Showing posts with label damage from free radicals. Show all posts
Showing posts with label damage from free radicals. Show all posts

Monday, June 3, 2013

What the Heck are Antioxidants Anyway?

Antioxidants is another one of those buzz words you’ll hear in nearly any conversation these days when the topic is healthy eating or healthy living.  There’s a good reason.  Antioxidants have the power to help you avoid illness, recover from injury, and expand longevity.  So, understanding what an antioxidant is, and how to get enough antioxidant benefits working in your body, is a worthwhile endeavor.


What is an antioxidant?


Antioxidants are substances that are anti-oxidation – substances that block oxidation from occurring in your body.  

Grandmother and granddaughter

Why is it important to inhibit oxidation?  Because oxidation to cells in the human body is what rust is to metal; it is the breaking down of your body at the molecular level.  And yes, that’s a bad thing.


Why you want to prevent oxidation in your body


When oxidation takes place, molecules experience a chemical reaction – the moving of electrons.  Sound familiar?  If you read our previous What-the-Heck-Is-This-Anyway article, What the Heck Are Free Radicals?, you know that the movement of electrons results from molecular instability and that unstable molecules spread, creating a chain reaction of free radicals that ultimately damages or destroys cells.  When your cells are destroyed en masse, you or an organ within you deteriorates. 

Think about those conditions that you normally associate with aging – dry skin, wrinkled skin, arthritis in the joints, muscles shrinking, hearing or eyesight failing – all of these and other conditions of aging are largely the collective effect of oxidation on your cells. Your cells naturally use oxygen, which can naturally generate free radicals. The damage from free radicals is what scientists believe causes not only aging but such serious illnesses too, such as cancer, heart disease, and diabetes. Thus, anything that can put the kibosh on oxidation is something you want plenty of. 

That’s a lot of bad news.  The good news is that there are oxidation blockers – also known as antioxidants.   Antioxidants neutralize the free radicals by generously donating one of their own electrons, putting the breaks on the free radical chain reaction of electron stealing.


Where do I find antioxidants?


Your best source of antioxidants are foods that are high in vitamin A, vitamin C, or vitamin E.  These are the foods with the ability to remove potentially damaging oxidizing agents, empowering your body to stop the free radical molecules that damage your body’s cells.  Not only do the antioxidants in these foods help repair the damage from free radicals but also continue to prevent further damage.

Vitamins C and E in particular appear to protect your body from the destructive effects of free radicals.  Vitamin E and vitamin C are the most abundant and efficient antioxidants in your body. 
  • Vitamin C in particular does a bang-up job of combating the free radicals that occur as a result of pollution and cigarette smoke.  As well, high vitamin C intake appears to lower rates of many forms of cancer, but especially cancers of the esophagus, mouth, and larynx.
  • Vitamin E in particular squelches cardiovascular disease, which it does by defending your cells against LDL cholesterol oxidation and by preventing plaque from forming in your arteries.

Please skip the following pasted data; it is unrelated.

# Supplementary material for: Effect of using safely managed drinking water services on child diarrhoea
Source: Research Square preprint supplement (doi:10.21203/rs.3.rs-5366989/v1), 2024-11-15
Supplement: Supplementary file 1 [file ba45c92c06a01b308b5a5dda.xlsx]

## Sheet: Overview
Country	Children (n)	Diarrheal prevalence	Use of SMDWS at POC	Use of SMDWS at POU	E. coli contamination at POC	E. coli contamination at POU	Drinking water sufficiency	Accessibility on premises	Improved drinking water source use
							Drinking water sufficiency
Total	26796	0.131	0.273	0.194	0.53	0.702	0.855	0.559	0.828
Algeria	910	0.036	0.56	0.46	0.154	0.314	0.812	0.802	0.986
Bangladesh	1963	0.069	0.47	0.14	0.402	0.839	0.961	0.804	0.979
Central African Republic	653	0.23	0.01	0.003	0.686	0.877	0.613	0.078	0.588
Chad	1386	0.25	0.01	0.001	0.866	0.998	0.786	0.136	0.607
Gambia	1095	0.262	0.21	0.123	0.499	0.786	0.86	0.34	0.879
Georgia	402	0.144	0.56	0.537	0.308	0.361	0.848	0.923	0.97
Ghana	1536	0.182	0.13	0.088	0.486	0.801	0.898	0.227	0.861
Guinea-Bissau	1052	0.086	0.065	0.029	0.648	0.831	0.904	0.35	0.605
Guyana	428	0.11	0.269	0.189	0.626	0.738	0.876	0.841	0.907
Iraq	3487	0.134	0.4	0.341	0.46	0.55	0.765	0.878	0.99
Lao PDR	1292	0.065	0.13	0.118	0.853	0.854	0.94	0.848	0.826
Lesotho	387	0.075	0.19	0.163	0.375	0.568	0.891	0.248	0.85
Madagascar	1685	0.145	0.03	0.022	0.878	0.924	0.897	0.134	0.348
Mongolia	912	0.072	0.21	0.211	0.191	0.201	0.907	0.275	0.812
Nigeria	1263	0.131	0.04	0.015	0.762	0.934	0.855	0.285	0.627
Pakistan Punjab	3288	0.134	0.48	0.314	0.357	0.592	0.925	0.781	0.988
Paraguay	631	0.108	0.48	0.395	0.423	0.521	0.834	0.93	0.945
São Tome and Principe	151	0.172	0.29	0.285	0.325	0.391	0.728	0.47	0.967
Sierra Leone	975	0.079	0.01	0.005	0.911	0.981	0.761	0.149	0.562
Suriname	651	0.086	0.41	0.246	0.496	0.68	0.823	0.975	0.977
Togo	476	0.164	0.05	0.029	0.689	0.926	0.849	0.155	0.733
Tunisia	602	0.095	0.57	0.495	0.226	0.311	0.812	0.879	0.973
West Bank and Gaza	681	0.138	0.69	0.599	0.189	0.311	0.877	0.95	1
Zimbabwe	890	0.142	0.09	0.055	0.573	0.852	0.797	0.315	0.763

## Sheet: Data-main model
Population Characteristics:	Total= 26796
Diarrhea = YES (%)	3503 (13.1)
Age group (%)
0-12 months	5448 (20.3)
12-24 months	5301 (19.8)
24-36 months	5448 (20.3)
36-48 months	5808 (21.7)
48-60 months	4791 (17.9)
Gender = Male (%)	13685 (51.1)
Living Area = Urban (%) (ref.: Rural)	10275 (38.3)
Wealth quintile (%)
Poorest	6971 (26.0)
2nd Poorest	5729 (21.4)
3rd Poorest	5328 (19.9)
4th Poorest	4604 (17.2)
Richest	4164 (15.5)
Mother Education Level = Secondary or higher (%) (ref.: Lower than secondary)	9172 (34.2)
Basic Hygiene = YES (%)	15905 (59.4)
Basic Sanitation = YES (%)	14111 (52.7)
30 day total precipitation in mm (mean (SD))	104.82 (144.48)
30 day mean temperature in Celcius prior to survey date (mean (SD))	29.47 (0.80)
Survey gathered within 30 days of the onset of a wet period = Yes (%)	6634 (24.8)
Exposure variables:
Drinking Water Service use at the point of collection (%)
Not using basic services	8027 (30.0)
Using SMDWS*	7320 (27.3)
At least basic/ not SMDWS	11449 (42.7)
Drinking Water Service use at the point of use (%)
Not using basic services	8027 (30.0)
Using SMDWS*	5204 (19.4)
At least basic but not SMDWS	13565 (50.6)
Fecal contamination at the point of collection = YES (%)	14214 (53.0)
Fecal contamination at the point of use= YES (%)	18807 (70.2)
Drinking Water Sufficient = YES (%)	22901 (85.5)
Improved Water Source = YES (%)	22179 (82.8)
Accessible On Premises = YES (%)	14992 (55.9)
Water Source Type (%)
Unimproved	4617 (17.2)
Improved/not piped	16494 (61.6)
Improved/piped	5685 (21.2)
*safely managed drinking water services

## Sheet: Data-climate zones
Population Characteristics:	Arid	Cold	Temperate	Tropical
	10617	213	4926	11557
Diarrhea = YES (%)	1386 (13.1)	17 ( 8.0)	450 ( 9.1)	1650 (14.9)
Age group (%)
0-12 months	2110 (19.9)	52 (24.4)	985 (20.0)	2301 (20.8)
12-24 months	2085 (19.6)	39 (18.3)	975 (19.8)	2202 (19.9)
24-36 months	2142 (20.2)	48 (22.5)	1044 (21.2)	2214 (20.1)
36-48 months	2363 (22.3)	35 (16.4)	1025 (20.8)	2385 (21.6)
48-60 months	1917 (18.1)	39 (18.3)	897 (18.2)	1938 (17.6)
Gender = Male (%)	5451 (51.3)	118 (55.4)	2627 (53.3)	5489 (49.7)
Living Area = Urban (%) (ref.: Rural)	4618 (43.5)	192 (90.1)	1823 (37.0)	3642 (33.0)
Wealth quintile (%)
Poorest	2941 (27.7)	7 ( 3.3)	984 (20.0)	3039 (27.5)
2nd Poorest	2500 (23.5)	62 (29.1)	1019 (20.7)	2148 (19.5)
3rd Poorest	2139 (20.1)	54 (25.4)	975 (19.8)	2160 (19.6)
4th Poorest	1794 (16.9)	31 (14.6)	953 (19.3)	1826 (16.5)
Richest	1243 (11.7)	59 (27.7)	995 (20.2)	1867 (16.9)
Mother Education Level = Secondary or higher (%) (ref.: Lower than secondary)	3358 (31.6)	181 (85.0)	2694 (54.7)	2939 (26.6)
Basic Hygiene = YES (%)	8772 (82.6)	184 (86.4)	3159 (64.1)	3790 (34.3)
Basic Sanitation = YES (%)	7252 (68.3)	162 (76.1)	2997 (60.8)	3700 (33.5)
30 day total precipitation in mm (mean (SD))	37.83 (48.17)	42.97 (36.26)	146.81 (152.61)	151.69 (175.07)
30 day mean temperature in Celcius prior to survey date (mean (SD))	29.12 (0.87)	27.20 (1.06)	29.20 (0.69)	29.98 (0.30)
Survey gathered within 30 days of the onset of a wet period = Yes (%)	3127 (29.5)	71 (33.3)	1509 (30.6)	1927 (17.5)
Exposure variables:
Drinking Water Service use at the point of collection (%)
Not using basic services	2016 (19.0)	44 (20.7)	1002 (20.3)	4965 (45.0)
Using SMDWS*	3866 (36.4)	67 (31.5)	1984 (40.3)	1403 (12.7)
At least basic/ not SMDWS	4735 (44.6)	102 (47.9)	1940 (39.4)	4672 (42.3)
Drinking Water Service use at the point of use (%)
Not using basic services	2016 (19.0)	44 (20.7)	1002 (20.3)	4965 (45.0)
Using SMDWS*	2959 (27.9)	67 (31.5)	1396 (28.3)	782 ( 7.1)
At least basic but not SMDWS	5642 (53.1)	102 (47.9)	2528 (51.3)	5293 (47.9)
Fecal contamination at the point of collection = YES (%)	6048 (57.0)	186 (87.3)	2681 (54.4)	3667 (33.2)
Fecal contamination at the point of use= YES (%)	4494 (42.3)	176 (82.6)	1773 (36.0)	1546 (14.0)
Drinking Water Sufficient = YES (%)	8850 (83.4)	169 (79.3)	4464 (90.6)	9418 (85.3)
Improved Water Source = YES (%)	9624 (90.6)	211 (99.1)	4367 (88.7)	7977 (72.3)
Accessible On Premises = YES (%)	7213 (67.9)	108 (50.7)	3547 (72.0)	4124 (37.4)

There are many foods high in antioxidants – foods that are packed with naturally occurring vitamin E, vitamin C, and beta-carotene (vitamin A).  Your dietary hit list should include such foods as:
    Turmeric powder
  • Apricots
  • Bell peppers
  • Broccoli
  • Carrots
  • Citrus fruits
  • Egg
  • Liver
  • Melons
  • Nuts
  • Oily fish
  • Seeds
  • Strawberries
  • Spinach
  • Squash
  • Yams
There’s also an herb you likely have in your cabinet that is high in antioxidant compounds: turmeric.  Turmeric, which adds a golden-yellow color to foods and is popular in Indian recipes, is a powerful antioxidant.  To boost your turmeric input serve up some Turmeric Chicken, Sweet Potato, Corn and Kale Chowder with turmeric, or this Creamy Lentil Soup With Caramelized Onion recipe, also high in turmeric.


How do I get more antioxidants?


The answer is: don’t.  While scientists are increasingly confident that antioxidants help your body protect itself from free-radical oxidation damage, more is not necessary better.

Some recent studies suggest that the process of trying to max out on antioxidants, a process known as antioxidant therapy, has no effect on mortality and may even make matters worse. Trying to up your antioxidant intake by ingesting lots of vitamin pills has not proven out in these studies to be a safe alternative to getting your antioxidant vitamin intake from natural food sources. 

Some studies using vitamin pills even appear to suggest that they can have a negative effect on your body’s ability to fight free radicals, concluding that they had no benefit and, in the case of vitamin A, may have an adverse effect on the incidence of lung cancer and cardiovascular disease.

Foods high in antioxidants


Best source of antioxidants: food


While studies have not yet identified why pills react differently in our bodies than foods with the same antioxidants, scientist believe it may be because many other substances within the antioxidant food sources are working in conjunction with the food's’ vitamins to create the beneficial antioxidant effects.

Until we understand why vitamin pills affect the body differently than vitamins sourced from food, just aim to get your antioxidants the good old fashioned way: from a healthy, balanced diet, which should include at least five to eight servings of vegetables and fruits, such as those listed above.

Ric Moxley
Contributing Writer